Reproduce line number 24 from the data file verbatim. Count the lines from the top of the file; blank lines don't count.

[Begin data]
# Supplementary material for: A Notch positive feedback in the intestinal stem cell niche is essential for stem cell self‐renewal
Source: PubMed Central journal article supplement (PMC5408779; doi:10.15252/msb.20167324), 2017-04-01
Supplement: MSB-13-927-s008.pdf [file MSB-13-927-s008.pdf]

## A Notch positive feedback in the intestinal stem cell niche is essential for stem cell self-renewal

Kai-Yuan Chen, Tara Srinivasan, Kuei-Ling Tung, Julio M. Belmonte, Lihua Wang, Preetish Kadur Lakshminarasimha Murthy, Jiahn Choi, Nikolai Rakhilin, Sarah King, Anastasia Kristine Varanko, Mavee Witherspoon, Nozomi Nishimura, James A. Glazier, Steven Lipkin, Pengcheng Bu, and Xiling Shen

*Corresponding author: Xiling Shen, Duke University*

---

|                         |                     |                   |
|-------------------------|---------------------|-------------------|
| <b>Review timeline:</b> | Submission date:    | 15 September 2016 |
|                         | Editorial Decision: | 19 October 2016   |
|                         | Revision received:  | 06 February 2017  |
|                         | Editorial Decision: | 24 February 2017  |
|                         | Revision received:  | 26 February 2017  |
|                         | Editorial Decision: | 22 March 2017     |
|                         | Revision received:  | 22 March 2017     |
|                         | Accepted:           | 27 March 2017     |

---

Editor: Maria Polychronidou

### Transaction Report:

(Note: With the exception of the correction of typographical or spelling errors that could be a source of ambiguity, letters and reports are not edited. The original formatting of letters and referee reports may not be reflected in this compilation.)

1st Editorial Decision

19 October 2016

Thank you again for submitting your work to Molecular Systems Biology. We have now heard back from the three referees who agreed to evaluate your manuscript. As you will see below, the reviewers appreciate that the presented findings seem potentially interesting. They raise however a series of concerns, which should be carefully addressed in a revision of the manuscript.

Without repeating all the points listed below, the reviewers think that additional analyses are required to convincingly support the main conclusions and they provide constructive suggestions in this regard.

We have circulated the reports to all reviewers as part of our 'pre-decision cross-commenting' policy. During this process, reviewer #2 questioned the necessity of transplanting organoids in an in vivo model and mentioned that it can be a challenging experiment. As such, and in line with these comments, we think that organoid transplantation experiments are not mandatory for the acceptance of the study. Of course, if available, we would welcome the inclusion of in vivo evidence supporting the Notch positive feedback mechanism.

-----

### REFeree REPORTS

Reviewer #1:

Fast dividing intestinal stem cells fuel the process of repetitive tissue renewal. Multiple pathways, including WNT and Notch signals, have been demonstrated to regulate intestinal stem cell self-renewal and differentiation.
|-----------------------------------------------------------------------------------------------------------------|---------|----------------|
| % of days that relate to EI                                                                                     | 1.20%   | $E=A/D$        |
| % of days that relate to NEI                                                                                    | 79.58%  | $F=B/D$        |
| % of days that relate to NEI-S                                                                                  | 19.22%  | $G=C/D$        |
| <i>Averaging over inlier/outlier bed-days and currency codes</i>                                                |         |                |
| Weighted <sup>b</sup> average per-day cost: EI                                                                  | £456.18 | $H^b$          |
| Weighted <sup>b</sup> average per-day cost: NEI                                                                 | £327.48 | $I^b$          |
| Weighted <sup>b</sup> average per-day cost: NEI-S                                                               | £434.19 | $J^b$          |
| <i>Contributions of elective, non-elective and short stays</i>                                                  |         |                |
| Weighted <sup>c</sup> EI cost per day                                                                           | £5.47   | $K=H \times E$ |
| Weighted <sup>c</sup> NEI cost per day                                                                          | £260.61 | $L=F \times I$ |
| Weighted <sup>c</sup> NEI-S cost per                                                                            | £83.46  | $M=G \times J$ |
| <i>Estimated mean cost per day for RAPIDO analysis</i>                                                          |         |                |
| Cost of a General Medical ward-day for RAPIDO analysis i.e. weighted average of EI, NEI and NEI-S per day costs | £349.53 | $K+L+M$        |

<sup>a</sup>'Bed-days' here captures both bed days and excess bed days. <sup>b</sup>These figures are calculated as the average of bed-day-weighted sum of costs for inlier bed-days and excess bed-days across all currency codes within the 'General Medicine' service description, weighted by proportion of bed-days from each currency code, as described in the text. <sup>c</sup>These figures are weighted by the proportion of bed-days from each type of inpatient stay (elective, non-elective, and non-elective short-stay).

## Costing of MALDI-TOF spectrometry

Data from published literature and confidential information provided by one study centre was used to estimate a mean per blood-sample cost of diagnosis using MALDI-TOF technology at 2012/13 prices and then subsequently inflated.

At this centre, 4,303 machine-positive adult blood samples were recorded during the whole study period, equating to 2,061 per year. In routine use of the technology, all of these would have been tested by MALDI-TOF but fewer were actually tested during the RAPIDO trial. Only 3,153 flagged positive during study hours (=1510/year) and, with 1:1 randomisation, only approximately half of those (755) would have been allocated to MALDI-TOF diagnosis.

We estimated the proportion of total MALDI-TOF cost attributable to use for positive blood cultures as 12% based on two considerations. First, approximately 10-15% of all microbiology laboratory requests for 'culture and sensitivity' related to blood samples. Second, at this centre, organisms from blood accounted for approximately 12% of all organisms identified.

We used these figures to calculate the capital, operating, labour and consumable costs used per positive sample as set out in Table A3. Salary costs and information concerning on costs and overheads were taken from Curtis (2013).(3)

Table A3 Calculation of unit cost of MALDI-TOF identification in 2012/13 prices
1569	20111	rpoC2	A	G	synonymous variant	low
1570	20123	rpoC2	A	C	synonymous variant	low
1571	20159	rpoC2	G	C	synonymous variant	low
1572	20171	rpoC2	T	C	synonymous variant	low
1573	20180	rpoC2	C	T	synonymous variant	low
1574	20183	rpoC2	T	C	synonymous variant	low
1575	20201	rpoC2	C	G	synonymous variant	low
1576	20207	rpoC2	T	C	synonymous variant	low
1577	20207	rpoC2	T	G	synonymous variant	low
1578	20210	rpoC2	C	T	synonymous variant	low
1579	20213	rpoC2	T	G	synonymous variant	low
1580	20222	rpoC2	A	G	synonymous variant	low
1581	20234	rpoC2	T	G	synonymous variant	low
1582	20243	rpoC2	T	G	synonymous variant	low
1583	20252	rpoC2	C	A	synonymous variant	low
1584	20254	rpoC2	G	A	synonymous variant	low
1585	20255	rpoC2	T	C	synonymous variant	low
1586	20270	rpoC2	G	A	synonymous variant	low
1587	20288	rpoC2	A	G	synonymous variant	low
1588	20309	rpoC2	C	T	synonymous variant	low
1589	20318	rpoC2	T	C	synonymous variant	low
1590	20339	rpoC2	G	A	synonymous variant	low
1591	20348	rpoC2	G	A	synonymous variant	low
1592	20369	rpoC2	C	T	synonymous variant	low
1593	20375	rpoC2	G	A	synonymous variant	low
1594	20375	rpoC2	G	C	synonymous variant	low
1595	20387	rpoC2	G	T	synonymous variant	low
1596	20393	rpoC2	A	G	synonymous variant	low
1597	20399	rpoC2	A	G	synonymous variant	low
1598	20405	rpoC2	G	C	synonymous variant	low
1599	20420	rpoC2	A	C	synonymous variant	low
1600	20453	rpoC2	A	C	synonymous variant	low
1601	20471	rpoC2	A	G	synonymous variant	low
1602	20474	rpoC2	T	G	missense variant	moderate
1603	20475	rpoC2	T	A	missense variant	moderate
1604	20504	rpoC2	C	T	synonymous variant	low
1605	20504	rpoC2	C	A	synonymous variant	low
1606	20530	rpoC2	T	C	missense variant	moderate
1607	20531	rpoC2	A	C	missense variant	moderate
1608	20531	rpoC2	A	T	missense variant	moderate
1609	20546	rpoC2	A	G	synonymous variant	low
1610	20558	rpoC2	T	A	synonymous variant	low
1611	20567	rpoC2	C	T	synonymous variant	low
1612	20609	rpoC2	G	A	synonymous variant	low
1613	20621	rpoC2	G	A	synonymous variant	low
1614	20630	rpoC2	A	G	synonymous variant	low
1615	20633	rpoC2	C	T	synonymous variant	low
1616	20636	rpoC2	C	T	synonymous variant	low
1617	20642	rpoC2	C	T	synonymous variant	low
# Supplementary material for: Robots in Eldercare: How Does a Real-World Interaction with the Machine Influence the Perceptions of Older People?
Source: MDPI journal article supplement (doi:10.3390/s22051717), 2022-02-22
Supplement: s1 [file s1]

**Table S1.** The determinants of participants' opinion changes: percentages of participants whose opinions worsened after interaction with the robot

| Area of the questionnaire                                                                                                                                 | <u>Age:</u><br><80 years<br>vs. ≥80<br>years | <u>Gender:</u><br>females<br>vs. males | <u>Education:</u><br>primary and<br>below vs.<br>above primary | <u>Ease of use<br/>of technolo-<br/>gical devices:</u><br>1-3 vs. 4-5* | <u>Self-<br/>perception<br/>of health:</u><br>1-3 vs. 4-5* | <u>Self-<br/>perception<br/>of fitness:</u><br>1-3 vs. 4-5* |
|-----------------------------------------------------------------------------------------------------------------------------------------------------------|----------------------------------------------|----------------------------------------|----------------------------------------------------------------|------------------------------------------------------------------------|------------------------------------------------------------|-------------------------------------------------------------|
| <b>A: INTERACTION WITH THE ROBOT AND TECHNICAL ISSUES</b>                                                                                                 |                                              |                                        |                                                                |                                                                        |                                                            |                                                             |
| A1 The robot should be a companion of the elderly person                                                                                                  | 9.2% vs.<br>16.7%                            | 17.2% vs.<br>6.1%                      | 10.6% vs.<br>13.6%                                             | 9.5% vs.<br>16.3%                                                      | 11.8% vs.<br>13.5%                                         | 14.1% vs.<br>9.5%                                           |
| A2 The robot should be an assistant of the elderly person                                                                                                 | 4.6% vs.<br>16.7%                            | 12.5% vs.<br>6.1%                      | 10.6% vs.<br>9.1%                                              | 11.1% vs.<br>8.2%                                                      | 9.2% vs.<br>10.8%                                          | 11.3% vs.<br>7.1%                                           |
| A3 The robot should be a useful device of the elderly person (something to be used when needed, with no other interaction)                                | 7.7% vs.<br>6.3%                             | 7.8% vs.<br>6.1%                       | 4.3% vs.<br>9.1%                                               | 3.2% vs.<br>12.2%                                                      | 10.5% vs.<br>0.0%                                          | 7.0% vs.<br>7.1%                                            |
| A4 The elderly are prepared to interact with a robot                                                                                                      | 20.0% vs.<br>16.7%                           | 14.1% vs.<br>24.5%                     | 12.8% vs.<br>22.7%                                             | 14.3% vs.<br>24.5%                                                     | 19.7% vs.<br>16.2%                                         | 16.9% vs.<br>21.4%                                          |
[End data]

Thank you again for submitting your work to Molecular Systems Biology. We have now heard back from the three referees who agreed to evaluate your manuscript. As you will see below, the reviewers appreciate that the presented findings seem potentially interesting. They raise however a series of concerns, which should be carefully addressed in a revision of the manuscript.